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Growing The Rural Church

Posted on: 22/02/2012

Scargill House
In just two week’s time the Growing the Rural Church conference will be taking place at Scargill House in the beautiful Yorkshire Dales. The conference is aimed at church leaders and members across all denominations, who are making progress growing the rural church. The three day structure enables the conference to look at three key questions:

  • Reaching rural communities both new and long standing
  • Buildings – burden or blessing
  • Enabling participation – empowering the people of God  

Scargill HouseSo why should those of us (like myself) who are not directly involved in a rural church be interested? Surely this is not for us? In preparing for the conference (I’m doing a workshop session on the Wednesday afternoon) I’ve been challenged in my thinking in a couple of important ways.

Firstly, if being the body of Christ means anything, then surely it means being actively engaged with other parts of the church that have concerns that are less directly relevant to our own. Many churches are used to looking abroad and getting involved in whatever way with churches in other parts of the world – so why not in our own back yard?

But secondly, and perhaps more importantly, there is what the rural church can teach the urban and suburban church. I suspect that is rather more than ‘townies’ such as myself  care to admit. One important area – and I suspect that this in one way or another is where the growth in rural areas is coming from – is in the very real ways in which the rural church is able to root their local communities.

The Wednesday is the buildings day, and includes input from Peter Aires (Head of Regeneration and Major Projects at the Churches Conservation Trust), Lesley Morley (Chaplain to Yorkshire Agricultural Society and former Rural Officer for the Diocese of Ripon and Leeds), Alice Ullathorne(Church Building Support Officer Diocese of Ripon and Leeds), and myself. The other days also look excellent, with some great speakers, including Simon Mattholie of Rural Ministries and Sian Lockwood OBE (Chief Executive of Community Catalysts).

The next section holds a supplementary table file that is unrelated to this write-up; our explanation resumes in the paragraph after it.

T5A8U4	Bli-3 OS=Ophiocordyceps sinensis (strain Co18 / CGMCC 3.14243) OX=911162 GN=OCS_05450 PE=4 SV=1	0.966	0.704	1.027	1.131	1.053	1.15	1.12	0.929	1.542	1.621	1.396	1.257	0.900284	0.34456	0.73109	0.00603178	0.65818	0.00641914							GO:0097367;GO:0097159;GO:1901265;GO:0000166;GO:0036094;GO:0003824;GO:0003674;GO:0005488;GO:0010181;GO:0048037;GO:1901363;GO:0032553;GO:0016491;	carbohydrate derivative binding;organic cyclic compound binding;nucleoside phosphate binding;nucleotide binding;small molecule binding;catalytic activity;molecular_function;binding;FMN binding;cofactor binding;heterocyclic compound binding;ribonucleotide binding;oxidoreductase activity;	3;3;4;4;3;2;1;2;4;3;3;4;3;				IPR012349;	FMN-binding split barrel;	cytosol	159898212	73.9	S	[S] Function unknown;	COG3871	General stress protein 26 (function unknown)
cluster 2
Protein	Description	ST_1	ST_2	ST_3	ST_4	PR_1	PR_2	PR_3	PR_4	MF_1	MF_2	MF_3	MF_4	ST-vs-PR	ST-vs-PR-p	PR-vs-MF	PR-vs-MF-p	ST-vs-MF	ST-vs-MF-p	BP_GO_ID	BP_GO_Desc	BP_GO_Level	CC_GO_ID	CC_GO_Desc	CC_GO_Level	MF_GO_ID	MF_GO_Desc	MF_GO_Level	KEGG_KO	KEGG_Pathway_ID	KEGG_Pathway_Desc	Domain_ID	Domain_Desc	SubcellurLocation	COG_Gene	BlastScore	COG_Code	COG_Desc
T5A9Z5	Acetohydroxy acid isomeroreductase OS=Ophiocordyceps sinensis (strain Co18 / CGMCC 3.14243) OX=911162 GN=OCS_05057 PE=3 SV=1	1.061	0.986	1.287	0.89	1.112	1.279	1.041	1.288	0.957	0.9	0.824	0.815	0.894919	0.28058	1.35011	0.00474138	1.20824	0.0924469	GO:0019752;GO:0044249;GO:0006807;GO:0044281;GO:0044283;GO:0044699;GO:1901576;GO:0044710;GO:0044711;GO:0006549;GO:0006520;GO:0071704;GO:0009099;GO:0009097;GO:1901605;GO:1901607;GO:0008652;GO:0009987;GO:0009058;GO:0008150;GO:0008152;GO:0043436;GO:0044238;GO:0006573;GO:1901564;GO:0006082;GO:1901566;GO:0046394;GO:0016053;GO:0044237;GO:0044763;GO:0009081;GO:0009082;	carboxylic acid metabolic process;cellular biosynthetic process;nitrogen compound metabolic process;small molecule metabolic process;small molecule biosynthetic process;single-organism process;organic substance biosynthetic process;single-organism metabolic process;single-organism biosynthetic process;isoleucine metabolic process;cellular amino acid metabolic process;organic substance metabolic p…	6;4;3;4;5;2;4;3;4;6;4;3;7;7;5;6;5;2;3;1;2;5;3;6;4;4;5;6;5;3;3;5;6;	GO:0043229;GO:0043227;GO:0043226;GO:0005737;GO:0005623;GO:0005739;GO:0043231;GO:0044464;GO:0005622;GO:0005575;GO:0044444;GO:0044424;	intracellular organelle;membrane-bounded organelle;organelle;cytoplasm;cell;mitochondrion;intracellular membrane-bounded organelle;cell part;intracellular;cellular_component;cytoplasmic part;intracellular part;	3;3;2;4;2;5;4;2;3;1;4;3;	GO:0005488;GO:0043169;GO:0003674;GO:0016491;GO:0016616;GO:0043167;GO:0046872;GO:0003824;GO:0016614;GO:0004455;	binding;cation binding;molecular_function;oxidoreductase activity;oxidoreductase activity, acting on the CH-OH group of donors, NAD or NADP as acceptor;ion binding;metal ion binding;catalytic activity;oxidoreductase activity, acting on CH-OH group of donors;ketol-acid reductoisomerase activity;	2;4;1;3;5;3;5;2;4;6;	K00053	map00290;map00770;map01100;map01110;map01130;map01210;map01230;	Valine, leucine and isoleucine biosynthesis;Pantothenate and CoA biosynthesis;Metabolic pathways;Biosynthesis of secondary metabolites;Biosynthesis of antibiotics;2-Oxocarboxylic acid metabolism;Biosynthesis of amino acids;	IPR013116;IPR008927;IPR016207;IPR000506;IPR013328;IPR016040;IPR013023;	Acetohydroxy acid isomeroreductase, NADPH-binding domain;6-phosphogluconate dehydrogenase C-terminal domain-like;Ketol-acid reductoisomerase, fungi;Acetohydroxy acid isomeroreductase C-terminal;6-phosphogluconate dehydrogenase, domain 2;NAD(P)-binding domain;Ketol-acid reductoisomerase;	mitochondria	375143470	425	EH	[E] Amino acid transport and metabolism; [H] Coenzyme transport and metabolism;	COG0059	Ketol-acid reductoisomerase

The conference runs for 3 days from Tuesday 6th to Thursday 8th March – more information and booking details here. You can book for single days, or for the whole lot, with or without accommodation; I understand there is still some availability for each of the days.

I can’t wait – I think it could be a game changer.

Nice Day for a Wet Wedding…

Posted on: 17/09/2011

DSC03110-800Last Saturday we were in the Lancashire for a family wedding, at St John the Baptist, Arkholme, near Kirby Lonsdale.

I was asked to do the reading, which was John 2:1-11, Jesus turning water into wine at another wedding, at Cana. Jesus saying in effect, ‘I’m not ready for this (this ministry thing)’, but still demonstrating God’s outrageous generosity. And the importance of celebration, of having a good party.

Internal view of Arkholme ChurchThe minister, covering an interregnum, did a great job of modelling God’s generous welcome; it was not the first marriage for either bride or groom, and most of those present were not used to church. A good, quiet witness. And yes, having trooped down to the nearby River Lune we all, bride included, got soaked to the skin.

The church itself, grade 2* listed, dates from about 1450, was reworked in 1788 (see stone) including the addition of the sweet little bell cote, and again in 1897 by Austin and Paley. The feel of the church is lovely, of uncluttered simplicity, light enough, warm enough, a place of gathering and welcome. Stone walls, wooden pews and roof trusses. white ceiling – very simple.


All the glass is plain, except for two small windows at the end of the side aisle, one commemorating Arthur James Woodh0use, Vicar of Arkholme, the other commemorating his sister, Annie Margarita.

Immediately to the north of the church is a mound, shown on the OS map as a motte (as in ‘& bailey castle’), which gives you a fine view of the roof of the church and the landscape beyond. Note the stone roof, with larger stones at the eaves diminishing to smaller stones at the ridge. The simple use of local materials helps the building belong to its place.

View of the roof of Arkholme Church